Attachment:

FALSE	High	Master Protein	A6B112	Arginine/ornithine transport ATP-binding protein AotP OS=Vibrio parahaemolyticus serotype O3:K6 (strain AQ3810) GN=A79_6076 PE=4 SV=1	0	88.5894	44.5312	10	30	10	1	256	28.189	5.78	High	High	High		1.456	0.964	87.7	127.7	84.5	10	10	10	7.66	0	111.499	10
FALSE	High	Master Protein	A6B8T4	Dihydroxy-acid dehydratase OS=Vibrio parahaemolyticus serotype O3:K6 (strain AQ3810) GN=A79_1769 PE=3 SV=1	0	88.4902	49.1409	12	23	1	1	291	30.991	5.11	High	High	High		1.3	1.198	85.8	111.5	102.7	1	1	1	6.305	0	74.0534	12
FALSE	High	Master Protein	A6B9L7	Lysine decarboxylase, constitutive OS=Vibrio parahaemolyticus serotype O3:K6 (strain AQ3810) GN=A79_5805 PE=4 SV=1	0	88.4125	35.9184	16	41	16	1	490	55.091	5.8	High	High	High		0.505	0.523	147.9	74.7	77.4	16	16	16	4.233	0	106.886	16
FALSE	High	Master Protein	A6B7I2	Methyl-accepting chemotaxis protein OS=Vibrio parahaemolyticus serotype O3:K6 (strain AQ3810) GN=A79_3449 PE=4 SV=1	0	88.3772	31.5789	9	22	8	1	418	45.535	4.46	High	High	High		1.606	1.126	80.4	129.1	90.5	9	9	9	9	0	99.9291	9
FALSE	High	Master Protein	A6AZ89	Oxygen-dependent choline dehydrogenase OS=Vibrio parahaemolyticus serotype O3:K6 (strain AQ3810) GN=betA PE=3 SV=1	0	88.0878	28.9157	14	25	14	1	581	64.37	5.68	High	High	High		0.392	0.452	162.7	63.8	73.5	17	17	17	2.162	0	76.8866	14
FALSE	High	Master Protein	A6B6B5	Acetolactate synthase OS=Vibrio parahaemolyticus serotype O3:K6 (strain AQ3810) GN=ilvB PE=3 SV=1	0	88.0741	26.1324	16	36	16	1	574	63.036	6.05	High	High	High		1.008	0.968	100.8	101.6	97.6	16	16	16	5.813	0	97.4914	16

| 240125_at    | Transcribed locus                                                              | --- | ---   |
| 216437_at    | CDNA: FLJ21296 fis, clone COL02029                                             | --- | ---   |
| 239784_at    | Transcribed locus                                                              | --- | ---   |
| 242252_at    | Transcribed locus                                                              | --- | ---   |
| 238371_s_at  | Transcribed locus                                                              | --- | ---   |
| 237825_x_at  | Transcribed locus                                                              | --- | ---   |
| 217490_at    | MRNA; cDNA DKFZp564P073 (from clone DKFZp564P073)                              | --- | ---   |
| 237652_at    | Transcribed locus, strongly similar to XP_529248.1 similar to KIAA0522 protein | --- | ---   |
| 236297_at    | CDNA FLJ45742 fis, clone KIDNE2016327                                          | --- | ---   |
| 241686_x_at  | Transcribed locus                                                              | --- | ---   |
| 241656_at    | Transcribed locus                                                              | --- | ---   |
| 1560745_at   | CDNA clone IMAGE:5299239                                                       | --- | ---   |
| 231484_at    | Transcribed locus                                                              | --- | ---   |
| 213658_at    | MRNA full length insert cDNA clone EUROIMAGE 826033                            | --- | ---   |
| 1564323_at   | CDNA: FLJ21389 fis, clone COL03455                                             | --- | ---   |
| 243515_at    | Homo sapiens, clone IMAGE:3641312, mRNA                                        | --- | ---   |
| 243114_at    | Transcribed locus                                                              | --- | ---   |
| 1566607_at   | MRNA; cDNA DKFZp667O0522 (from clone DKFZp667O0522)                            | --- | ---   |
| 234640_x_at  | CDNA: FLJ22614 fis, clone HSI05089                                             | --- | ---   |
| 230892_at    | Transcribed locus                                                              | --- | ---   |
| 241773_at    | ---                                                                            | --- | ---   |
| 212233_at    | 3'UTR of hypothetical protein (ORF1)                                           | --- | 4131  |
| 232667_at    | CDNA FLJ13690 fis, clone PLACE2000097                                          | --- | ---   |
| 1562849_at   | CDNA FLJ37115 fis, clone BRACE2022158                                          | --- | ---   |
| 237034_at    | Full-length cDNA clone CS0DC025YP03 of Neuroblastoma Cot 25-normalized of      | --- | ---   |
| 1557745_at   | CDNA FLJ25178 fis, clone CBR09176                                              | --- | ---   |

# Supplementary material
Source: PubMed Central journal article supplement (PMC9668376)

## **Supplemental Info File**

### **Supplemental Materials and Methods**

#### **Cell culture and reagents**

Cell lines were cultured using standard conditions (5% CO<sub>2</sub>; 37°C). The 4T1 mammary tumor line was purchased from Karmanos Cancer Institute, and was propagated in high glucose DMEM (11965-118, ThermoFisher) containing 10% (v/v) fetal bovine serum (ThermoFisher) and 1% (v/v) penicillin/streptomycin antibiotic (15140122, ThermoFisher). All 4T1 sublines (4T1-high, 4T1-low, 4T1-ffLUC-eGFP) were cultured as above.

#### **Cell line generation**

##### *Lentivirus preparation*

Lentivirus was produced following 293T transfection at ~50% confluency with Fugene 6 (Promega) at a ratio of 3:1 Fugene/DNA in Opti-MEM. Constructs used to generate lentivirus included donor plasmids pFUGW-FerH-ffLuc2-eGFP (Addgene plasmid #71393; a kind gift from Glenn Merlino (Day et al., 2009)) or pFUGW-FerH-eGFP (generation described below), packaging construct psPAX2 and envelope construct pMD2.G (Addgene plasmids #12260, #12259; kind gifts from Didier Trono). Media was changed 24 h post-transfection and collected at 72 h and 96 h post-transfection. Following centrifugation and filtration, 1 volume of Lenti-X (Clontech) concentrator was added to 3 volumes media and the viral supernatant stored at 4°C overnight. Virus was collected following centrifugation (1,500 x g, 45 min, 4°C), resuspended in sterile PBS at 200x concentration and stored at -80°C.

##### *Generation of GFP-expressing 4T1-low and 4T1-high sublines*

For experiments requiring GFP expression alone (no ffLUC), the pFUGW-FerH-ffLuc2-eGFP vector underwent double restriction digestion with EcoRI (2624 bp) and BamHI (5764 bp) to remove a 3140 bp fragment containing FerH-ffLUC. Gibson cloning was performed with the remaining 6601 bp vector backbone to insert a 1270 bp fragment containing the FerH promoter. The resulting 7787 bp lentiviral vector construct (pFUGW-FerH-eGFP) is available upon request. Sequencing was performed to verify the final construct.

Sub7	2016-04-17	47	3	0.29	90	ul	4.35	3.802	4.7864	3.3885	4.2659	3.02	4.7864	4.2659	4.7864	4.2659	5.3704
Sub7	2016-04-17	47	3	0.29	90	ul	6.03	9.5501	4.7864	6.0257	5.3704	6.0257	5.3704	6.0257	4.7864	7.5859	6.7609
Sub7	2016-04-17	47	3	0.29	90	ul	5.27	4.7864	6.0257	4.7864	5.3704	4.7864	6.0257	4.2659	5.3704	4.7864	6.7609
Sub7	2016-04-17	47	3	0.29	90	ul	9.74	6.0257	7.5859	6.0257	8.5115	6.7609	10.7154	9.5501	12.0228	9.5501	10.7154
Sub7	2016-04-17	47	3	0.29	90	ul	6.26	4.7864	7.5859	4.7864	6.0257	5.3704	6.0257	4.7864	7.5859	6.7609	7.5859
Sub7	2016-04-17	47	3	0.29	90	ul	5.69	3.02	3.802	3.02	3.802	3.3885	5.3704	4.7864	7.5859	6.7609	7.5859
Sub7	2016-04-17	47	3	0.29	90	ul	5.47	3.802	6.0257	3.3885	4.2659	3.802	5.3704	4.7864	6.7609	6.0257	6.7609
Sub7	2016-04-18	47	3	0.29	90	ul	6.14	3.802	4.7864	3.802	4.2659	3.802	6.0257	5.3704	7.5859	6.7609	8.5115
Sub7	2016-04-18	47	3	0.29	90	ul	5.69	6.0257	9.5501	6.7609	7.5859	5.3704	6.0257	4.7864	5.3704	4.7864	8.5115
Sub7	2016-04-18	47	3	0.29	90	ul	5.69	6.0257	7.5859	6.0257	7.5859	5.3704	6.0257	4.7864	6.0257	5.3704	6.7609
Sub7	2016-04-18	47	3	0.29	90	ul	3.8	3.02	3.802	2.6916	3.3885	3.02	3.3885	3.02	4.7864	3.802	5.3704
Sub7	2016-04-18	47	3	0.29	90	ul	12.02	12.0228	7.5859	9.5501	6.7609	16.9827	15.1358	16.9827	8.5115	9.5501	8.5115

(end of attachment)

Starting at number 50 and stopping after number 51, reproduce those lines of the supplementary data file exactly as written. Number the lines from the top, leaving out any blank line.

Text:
Sub7	2016-04-17	47	3	0.29	90	ul	5.47	3.802	6.0257	3.3885	4.2659	3.802	5.3704	4.7864	6.7609	6.0257	6.7609
Sub7	2016-04-18	47	3	0.29	90	ul	6.14	3.802	4.7864	3.802	4.2659	3.802	6.0257	5.3704	7.5859	6.7609	8.5115